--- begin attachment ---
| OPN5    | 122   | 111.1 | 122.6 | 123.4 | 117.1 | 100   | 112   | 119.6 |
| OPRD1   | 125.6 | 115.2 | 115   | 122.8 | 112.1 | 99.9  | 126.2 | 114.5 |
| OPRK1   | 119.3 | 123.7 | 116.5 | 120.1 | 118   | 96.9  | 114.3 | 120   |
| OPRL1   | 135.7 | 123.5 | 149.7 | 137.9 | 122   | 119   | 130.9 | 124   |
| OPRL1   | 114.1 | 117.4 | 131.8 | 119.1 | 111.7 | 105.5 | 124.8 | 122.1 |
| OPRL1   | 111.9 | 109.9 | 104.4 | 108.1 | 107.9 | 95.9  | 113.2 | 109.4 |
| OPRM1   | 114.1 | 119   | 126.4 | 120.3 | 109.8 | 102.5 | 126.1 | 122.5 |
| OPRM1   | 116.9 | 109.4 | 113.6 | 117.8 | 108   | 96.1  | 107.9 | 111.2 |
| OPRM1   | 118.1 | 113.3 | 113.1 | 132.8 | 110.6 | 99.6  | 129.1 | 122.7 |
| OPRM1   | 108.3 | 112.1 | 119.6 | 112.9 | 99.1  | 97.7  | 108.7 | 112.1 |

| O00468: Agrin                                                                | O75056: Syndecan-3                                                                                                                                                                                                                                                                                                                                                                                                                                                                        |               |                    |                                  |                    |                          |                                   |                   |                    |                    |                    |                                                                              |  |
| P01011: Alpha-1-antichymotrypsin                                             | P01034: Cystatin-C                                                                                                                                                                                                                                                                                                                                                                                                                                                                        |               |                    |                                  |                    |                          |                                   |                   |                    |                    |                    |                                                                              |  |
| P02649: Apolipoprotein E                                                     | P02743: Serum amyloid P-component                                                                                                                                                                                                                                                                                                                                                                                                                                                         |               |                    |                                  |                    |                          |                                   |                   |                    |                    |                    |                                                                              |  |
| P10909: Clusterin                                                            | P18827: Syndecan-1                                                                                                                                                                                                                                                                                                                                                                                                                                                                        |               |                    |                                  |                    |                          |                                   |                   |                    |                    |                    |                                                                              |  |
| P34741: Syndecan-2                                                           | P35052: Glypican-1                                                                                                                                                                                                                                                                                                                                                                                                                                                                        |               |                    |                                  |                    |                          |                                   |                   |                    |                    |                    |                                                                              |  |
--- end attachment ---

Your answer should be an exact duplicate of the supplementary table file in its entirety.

| OPN5    | 122   | 111.1 | 122.6 | 123.4 | 117.1 | 100   | 112   | 119.6 |
| OPRD1   | 125.6 | 115.2 | 115   | 122.8 | 112.1 | 99.9  | 126.2 | 114.5 |
| OPRK1   | 119.3 | 123.7 | 116.5 | 120.1 | 118   | 96.9  | 114.3 | 120   |
| OPRL1   | 135.7 | 123.5 | 149.7 | 137.9 | 122   | 119   | 130.9 | 124   |
| OPRL1   | 114.1 | 117.4 | 131.8 | 119.1 | 111.7 | 105.5 | 124.8 | 122.1 |
| OPRL1   | 111.9 | 109.9 | 104.4 | 108.1 | 107.9 | 95.9  | 113.2 | 109.4 |
| OPRM1   | 114.1 | 119   | 126.4 | 120.3 | 109.8 | 102.5 | 126.1 | 122.5 |
| OPRM1   | 116.9 | 109.4 | 113.6 | 117.8 | 108   | 96.1  | 107.9 | 111.2 |
| OPRM1   | 118.1 | 113.3 | 113.1 | 132.8 | 110.6 | 99.6  | 129.1 | 122.7 |
| OPRM1   | 108.3 | 112.1 | 119.6 | 112.9 | 99.1  | 97.7  | 108.7 | 112.1 |

| O00468: Agrin                                                                | O75056: Syndecan-3                                                                                                                                                                                                                                                                                                                                                                                                                                                                        |               |                    |                                  |                    |                          |                                   |                   |                    |                    |                    |                                                                              |  |
| P01011: Alpha-1-antichymotrypsin                                             | P01034: Cystatin-C                                                                                                                                                                                                                                                                                                                                                                                                                                                                        |               |                    |                                  |                    |                          |                                   |                   |                    |                    |                    |                                                                              |  |
| P02649: Apolipoprotein E                                                     | P02743: Serum amyloid P-component                                                                                                                                                                                                                                                                                                                                                                                                                                                         |               |                    |                                  |                    |                          |                                   |                   |                    |                    |                    |                                                                              |  |
| P10909: Clusterin                                                            | P18827: Syndecan-1                                                                                                                                                                                                                                                                                                                                                                                                                                                                        |               |                    |                                  |                    |                          |                                   |                   |                    |                    |                    |                                                                              |  |
| P34741: Syndecan-2                                                           | P35052: Glypican-1                                                                                                                                                                                                                                                                                                                                                                                                                                                                        |               |                    |                                  |                    |                          |                                   |                   |                    |                    |                    |                                                                              |  |